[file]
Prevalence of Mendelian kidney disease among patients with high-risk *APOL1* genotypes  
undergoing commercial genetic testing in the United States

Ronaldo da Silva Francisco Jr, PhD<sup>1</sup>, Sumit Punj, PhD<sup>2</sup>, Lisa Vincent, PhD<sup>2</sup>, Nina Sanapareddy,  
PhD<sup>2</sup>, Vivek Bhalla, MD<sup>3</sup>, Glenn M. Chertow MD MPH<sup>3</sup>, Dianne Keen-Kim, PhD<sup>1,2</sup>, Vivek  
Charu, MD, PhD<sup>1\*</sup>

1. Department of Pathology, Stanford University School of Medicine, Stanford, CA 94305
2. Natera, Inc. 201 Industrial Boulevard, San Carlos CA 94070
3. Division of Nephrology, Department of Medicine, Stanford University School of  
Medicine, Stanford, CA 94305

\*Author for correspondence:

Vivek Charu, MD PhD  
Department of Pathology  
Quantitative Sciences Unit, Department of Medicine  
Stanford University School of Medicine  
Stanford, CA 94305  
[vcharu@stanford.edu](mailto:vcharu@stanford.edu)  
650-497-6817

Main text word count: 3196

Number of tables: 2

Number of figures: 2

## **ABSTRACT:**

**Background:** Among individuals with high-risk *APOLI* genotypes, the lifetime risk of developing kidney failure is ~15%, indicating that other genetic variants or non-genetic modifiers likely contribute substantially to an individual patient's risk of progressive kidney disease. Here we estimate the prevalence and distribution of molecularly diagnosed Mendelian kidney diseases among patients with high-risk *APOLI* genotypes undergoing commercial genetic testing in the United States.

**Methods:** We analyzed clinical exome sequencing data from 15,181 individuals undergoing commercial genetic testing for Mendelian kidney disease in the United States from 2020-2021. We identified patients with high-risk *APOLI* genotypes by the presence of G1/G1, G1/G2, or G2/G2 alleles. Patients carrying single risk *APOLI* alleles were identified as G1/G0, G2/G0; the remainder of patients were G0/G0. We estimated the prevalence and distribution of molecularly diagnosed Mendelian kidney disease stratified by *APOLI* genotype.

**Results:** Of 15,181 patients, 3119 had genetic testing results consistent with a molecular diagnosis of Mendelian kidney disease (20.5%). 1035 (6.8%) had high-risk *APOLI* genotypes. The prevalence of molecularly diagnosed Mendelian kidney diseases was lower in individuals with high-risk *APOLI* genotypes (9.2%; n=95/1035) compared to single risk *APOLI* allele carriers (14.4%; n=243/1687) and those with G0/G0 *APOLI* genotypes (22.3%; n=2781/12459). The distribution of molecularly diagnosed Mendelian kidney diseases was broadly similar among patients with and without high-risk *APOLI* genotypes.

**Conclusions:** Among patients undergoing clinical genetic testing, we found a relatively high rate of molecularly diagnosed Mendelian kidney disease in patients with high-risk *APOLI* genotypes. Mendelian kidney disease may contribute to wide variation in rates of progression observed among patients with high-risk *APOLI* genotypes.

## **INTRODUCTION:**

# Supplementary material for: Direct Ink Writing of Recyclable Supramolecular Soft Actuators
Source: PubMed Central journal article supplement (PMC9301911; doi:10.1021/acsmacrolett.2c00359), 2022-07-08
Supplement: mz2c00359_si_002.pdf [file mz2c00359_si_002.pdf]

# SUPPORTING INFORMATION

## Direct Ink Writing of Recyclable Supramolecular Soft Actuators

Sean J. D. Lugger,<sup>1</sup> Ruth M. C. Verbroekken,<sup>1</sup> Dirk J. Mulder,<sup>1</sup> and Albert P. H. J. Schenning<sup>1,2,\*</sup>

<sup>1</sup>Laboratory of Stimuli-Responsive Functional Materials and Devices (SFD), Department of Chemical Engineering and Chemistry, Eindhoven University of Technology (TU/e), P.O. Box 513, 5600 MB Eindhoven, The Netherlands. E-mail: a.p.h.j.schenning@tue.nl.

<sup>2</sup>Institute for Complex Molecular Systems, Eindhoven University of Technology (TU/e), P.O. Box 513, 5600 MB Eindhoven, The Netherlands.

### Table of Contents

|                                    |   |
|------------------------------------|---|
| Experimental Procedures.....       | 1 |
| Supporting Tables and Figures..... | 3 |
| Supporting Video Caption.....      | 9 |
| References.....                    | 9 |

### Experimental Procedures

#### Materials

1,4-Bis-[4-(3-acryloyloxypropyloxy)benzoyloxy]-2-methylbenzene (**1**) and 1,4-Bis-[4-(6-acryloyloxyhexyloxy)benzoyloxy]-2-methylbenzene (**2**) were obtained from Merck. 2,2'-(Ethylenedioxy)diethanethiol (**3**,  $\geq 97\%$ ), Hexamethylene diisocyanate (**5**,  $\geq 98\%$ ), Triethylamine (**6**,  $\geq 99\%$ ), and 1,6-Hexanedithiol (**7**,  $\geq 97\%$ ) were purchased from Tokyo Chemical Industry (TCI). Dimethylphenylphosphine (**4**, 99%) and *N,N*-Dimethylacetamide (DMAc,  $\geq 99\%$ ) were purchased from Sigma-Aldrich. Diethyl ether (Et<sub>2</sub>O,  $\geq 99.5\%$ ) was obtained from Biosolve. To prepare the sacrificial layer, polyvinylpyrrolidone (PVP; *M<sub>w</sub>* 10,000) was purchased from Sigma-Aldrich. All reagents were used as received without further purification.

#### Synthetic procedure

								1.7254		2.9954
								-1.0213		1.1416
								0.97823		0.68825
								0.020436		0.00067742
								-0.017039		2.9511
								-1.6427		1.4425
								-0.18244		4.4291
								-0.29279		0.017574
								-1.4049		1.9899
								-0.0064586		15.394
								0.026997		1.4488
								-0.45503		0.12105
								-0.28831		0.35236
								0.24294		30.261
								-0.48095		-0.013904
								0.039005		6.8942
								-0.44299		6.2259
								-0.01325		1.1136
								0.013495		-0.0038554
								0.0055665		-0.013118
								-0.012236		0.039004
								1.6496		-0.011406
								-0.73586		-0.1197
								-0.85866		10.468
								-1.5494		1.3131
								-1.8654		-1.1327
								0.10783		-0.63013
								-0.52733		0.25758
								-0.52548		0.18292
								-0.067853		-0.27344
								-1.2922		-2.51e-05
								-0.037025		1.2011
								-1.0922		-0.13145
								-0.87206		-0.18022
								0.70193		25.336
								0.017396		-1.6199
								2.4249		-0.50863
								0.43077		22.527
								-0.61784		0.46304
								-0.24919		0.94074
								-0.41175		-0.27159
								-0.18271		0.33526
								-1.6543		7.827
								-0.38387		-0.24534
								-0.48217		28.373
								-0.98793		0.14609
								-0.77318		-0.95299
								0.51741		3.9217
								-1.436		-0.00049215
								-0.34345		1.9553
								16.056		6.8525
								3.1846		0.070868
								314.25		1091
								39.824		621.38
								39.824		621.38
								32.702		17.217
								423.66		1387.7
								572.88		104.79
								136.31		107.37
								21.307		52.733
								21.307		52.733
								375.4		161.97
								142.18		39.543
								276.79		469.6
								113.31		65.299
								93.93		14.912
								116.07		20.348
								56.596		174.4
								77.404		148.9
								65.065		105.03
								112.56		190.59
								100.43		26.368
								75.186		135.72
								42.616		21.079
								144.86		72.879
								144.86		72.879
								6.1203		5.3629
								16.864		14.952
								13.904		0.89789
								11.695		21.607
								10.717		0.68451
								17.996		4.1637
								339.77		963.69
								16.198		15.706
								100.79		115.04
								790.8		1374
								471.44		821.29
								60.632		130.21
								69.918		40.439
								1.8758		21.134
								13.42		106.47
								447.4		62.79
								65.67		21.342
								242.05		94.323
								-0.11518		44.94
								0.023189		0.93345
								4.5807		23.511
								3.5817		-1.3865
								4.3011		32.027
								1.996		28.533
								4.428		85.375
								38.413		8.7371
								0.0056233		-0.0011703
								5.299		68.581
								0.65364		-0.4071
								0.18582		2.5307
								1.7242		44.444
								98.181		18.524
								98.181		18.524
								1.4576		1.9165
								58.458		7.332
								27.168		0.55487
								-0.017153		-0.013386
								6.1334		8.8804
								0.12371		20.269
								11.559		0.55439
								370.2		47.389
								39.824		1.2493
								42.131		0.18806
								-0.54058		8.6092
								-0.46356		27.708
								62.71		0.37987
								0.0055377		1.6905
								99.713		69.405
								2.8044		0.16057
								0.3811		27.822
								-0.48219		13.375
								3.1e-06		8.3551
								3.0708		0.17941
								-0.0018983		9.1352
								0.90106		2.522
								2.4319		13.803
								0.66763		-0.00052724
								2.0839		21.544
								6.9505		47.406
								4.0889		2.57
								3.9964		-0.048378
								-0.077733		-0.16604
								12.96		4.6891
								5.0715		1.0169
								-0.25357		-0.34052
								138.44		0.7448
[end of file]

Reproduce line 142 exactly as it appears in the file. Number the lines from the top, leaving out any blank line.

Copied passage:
								4.5807		23.511